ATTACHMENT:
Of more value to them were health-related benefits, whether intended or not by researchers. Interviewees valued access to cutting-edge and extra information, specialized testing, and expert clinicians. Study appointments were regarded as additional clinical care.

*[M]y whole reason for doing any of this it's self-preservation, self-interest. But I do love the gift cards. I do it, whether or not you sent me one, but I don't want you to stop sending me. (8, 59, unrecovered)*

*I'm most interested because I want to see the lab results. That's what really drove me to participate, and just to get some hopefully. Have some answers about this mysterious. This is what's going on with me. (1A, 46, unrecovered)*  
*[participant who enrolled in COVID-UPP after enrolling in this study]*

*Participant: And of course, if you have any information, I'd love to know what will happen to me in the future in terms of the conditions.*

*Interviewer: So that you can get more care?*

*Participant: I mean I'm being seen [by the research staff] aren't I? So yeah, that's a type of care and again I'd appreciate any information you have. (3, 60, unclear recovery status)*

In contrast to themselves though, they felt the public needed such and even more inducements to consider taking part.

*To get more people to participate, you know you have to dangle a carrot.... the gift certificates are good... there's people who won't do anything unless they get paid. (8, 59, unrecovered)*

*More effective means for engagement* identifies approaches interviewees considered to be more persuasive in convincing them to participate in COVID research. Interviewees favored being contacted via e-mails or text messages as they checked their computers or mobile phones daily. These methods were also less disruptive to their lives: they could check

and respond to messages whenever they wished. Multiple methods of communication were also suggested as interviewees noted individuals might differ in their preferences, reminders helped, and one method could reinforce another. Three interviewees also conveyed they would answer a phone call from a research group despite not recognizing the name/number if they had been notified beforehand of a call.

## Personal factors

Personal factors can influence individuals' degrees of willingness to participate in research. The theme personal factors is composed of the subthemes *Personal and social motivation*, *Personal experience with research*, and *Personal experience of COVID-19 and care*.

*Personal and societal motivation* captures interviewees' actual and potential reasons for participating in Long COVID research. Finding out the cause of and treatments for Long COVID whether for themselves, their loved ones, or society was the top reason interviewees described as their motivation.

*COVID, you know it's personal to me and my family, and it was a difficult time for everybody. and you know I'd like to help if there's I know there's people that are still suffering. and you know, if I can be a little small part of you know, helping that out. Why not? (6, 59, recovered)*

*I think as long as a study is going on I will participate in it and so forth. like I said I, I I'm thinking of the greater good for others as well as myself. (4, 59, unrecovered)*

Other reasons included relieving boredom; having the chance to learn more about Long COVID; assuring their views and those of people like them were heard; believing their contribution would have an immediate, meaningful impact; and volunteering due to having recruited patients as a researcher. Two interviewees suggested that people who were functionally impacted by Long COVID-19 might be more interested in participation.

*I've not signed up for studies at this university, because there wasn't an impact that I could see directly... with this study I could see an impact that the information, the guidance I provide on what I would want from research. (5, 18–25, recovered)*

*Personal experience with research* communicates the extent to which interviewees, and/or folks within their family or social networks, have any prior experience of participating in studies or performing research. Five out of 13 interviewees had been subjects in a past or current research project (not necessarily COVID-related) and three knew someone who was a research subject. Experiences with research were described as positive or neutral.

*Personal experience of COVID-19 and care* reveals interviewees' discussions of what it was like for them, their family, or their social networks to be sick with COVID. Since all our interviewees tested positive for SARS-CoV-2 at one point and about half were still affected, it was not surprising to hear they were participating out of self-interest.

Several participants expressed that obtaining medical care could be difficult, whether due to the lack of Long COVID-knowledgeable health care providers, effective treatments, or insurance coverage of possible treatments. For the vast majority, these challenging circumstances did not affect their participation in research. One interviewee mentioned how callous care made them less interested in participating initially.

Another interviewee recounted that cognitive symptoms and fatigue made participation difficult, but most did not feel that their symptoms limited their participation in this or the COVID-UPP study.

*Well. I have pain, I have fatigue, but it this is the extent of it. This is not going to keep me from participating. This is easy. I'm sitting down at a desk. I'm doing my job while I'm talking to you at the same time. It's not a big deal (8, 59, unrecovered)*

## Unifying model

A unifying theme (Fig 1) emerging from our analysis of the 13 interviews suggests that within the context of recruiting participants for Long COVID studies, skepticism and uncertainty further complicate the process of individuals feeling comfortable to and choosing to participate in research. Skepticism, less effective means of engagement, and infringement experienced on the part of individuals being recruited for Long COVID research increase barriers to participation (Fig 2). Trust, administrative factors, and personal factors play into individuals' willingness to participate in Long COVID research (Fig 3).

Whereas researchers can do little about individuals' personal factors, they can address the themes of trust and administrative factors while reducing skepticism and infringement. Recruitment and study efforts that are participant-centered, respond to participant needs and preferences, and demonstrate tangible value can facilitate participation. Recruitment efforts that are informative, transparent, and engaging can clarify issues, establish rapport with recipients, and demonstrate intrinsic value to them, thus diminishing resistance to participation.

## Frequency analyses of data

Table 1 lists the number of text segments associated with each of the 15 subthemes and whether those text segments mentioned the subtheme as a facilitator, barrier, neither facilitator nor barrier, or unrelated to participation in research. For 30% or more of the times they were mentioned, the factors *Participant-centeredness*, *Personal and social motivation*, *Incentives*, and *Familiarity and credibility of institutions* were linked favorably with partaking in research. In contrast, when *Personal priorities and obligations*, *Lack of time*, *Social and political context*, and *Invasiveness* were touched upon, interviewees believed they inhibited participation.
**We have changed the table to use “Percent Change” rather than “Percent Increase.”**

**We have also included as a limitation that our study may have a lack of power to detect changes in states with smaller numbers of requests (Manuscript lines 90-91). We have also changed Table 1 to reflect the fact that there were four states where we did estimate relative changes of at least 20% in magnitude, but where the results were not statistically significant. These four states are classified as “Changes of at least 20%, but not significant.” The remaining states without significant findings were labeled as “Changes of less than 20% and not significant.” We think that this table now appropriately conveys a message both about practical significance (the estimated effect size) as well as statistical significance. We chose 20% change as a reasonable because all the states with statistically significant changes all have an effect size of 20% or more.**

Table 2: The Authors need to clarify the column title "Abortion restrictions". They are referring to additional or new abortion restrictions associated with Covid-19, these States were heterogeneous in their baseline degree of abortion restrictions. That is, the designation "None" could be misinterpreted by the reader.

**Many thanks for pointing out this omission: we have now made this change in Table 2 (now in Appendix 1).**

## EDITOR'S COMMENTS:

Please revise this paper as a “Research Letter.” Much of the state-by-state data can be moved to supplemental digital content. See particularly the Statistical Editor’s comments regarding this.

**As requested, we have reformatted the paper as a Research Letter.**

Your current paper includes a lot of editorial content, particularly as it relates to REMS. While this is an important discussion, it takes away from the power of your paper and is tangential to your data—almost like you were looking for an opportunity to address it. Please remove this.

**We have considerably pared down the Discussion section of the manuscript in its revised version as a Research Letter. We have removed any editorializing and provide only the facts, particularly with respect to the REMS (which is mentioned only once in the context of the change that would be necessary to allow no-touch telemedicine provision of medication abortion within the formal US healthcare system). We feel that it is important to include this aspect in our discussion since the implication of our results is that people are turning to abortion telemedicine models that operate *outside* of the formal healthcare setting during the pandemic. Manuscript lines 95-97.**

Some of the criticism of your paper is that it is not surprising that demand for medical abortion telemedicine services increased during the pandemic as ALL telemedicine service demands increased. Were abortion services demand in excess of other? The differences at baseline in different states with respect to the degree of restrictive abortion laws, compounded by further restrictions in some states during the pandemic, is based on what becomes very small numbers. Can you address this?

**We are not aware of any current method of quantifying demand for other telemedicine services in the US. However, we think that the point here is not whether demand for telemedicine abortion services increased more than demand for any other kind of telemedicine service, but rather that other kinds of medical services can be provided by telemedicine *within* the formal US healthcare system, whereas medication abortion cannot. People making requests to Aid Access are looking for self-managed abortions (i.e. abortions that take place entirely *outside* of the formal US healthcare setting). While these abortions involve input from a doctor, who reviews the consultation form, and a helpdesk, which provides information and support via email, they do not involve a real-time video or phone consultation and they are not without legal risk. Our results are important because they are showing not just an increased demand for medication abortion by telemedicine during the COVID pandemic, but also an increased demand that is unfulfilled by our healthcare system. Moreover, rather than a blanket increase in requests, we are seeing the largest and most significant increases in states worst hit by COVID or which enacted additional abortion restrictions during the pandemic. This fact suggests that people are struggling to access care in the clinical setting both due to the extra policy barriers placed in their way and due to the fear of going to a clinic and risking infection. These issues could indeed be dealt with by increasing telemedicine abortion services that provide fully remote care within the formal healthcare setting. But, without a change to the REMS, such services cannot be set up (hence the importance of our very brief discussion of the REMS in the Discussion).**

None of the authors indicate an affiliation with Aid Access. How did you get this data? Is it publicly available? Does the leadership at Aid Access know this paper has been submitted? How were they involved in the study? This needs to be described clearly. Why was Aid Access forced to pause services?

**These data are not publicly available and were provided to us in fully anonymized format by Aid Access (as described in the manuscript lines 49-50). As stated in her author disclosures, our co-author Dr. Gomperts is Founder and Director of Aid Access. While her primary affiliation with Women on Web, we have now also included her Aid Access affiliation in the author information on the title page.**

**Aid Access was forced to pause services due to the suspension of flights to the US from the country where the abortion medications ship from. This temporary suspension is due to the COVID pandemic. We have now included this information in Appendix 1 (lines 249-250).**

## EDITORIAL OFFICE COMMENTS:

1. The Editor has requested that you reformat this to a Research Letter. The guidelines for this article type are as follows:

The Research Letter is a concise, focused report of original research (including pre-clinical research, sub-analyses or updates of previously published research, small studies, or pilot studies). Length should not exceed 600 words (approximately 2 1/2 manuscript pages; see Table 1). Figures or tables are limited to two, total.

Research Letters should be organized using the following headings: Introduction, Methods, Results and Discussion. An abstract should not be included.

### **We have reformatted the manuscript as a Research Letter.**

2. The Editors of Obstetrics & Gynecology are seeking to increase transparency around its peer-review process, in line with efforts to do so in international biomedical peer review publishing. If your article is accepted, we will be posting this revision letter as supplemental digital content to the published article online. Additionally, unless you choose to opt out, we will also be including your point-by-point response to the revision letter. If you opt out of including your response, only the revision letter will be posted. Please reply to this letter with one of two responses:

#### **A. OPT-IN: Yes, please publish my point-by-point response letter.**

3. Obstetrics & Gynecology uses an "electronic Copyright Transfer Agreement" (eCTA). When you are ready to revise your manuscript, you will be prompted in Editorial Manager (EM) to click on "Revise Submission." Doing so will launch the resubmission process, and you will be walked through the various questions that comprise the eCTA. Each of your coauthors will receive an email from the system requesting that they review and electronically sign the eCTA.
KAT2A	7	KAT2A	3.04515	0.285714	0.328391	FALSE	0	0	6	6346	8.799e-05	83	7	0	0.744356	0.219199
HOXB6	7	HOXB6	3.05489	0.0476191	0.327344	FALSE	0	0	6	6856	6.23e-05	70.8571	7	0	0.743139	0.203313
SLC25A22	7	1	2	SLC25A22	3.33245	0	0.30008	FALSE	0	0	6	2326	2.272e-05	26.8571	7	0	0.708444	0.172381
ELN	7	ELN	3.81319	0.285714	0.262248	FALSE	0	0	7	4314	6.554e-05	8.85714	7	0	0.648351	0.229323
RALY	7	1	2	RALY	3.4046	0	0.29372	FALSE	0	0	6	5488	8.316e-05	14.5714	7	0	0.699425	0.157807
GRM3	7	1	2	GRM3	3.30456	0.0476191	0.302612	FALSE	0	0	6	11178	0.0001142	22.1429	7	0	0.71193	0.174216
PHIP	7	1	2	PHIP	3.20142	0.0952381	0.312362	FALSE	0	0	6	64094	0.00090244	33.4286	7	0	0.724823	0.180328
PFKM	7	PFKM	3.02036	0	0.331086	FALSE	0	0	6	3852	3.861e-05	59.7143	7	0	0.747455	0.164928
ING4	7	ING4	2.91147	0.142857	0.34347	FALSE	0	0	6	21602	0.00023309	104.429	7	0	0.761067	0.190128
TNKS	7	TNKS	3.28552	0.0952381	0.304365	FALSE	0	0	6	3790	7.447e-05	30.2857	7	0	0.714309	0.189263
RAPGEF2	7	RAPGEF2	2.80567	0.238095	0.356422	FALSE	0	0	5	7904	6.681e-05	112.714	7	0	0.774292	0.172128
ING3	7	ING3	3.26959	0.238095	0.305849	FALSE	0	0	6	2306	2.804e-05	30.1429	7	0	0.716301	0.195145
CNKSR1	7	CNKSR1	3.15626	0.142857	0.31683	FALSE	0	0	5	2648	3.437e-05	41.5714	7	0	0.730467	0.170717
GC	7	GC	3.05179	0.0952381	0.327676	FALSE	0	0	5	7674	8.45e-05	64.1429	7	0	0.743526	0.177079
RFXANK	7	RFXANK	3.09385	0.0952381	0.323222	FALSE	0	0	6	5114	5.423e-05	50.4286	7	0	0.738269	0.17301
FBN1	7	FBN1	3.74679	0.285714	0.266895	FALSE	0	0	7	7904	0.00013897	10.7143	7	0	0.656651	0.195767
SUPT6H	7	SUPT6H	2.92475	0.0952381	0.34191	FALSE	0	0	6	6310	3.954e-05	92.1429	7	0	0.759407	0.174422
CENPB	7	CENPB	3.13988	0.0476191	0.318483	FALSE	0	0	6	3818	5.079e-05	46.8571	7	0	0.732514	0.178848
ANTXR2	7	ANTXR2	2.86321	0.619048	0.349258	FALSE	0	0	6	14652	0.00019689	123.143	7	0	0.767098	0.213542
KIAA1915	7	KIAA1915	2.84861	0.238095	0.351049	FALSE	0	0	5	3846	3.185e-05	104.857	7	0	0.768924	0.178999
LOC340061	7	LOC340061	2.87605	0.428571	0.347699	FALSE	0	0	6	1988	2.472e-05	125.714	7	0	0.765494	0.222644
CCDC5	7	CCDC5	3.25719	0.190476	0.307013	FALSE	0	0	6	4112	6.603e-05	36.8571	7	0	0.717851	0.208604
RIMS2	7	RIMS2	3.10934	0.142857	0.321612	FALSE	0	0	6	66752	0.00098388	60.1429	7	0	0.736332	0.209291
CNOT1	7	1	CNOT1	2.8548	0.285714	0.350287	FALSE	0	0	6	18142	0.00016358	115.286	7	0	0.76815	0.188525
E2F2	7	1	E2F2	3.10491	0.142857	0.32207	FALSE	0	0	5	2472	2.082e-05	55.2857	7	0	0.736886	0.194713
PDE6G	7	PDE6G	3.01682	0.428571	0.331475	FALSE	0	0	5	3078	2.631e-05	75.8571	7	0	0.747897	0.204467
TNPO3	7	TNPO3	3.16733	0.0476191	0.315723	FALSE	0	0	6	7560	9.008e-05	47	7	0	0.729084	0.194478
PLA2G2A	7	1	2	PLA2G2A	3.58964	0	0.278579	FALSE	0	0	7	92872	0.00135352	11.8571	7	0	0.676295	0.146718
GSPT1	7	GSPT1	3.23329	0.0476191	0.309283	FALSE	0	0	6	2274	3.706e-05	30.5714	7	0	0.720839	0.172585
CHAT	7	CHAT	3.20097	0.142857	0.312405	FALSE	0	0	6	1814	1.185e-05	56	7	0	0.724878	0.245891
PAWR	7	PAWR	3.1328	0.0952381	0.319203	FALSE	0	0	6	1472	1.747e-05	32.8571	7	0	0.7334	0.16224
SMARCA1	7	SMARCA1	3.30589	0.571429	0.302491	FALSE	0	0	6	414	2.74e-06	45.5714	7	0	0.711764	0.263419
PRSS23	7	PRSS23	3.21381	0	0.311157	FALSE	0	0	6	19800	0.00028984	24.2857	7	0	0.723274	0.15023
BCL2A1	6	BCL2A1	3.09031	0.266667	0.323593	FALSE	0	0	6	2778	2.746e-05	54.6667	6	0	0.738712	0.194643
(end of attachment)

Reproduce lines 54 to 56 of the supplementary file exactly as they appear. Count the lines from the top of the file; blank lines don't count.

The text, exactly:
ELN	7	ELN	3.81319	0.285714	0.262248	FALSE	0	0	7	4314	6.554e-05	8.85714	7	0	0.648351	0.229323
RALY	7	1	2	RALY	3.4046	0	0.29372	FALSE	0	0	6	5488	8.316e-05	14.5714	7	0	0.699425	0.157807
GRM3	7	1	2	GRM3	3.30456	0.0476191	0.302612	FALSE	0	0	6	11178	0.0001142	22.1429	7	0	0.71193	0.174216